Rite Aid Exec Talks About the Weather

Discussion
Oct 27, 2011
Al McClain

With three consecutive quarters of same store sales and adjusted EBITDA growth, could weather be a contributing factor in Rite Aid’s success? On Tuesday at the annual Category Management Conference in Atlanta, Rob George, director of market research for Rite Aid, talked about how better use of business weather intelligence is helping in the revitalization of the company.

Using raw weather data alone is too unreliable, according to Mr. George, because it relies on subjective, individual interpretation of the situation, which is inefficient as too many people try to solve the same problem. So Rite Aid works with Planalytics to try to get to a "single version of the truth." Since weather is highly variable and is only similar to the previous year 20 percent of the time, Mr. George said Rite Aid aims to do two things: 1) ‘Deweatherization’ — removing weather-driven volatility from historical results so they can plan and allocate from weather-neutral positions; and 2) ‘Weatherize’ its sales plan — adjusting in-season weather impact on business by accounting for weather events.

Weather driven demand (WDD) is the measurement of how much lift or drag weather provides and does not include any factors other than weather. Rite Aid looks at this information on a weekly basis, down to the store level. Looking at WDD allows Rite Aid to change assortment and stock levels accordingly, heavying up on rain gear for one part of the country and ordering less for another, for example.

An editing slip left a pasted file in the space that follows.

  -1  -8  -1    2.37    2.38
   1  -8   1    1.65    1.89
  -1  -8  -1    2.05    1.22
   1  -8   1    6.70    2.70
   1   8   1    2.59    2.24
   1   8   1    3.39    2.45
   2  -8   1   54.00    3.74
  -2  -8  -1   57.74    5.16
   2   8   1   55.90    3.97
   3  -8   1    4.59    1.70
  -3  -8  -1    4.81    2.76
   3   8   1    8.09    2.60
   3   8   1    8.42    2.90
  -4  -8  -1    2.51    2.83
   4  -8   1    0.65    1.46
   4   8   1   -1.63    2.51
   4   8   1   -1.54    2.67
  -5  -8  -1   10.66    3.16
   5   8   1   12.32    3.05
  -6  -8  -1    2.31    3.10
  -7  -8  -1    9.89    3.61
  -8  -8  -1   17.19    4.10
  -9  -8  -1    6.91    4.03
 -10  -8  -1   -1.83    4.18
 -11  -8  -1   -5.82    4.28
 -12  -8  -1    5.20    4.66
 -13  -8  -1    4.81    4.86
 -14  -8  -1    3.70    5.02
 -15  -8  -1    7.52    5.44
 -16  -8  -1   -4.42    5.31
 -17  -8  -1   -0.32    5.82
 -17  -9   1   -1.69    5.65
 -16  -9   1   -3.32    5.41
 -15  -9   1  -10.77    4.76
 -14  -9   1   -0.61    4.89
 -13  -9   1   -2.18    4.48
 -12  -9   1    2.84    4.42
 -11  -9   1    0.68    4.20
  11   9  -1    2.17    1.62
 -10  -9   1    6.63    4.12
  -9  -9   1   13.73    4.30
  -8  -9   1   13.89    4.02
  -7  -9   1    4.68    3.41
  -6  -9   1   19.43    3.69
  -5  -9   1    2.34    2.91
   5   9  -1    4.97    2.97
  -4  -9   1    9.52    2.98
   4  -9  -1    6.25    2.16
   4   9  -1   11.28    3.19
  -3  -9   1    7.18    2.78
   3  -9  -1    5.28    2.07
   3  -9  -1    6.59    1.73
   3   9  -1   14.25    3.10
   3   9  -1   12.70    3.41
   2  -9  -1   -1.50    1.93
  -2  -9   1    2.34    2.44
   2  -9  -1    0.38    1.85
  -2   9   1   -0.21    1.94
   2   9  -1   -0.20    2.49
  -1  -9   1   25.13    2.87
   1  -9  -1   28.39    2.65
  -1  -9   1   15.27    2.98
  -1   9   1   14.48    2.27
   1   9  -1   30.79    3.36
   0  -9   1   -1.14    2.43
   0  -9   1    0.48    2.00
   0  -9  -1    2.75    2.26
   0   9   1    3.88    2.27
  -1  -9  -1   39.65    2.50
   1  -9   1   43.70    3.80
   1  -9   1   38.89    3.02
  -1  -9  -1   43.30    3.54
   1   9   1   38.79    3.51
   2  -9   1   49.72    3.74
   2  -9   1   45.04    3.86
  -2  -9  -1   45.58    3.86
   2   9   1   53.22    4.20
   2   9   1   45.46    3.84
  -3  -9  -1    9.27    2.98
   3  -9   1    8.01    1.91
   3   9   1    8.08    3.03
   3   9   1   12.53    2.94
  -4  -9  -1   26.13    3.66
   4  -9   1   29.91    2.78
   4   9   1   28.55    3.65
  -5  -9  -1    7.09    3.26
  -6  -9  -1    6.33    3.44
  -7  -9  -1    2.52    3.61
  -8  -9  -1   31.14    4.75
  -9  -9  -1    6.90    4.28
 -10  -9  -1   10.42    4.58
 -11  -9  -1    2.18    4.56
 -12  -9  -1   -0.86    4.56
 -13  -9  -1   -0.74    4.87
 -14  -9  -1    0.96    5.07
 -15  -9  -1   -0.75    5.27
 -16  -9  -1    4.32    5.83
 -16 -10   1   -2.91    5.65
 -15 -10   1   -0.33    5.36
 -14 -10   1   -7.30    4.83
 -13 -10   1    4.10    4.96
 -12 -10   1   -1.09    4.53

The company is able to see long-term forecasts up to 11 months out, and the forecast gets a major fine-tuning two weeks out, enabling last-minute adjustments. Rite Aid plans stock, promotions, displays, ads, and even markdowns according to weather forecasts. And they can manage their facilities better, knowing when to start seasonal landscaping work, when to plan for snow removal, and even when to verify snow removal bills.

Additional benefits of weather forecasting at retail might include social media — offering coupons or special deals to shoppers on Facebook or Twitter based on local conditions and/or long and short term forecasts.

Discussion Questions: How useful do you think long term weather forecasting is, or should be, to retailers? How should it be properly factored into other decisions related to advertising, promotion and merchandising?

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13 Comments on "Rite Aid Exec Talks About the Weather"


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Joan Treistman
Guest
9 years 6 months ago

If consumer wants and needs drive their purchasing behavior, I have to believe that long term weather forecasting can be vital. It’s easy enough to trend. Success will warrant continued use and more success. Am I missing something?

Ian Percy
Guest
9 years 6 months ago

So with all our “sophisticated” technological advances like yesterday’s discussion about tracking shoppers through their phones — it all gets down to the weather. Funny how nature has a way of bringing a needed dose of humility to human kind. Maybe that’s why virtually every conversation on the planet begins with a comment on the weather. Reminds me of that old quote about the attendance at your funeral being largely dependent on the weather!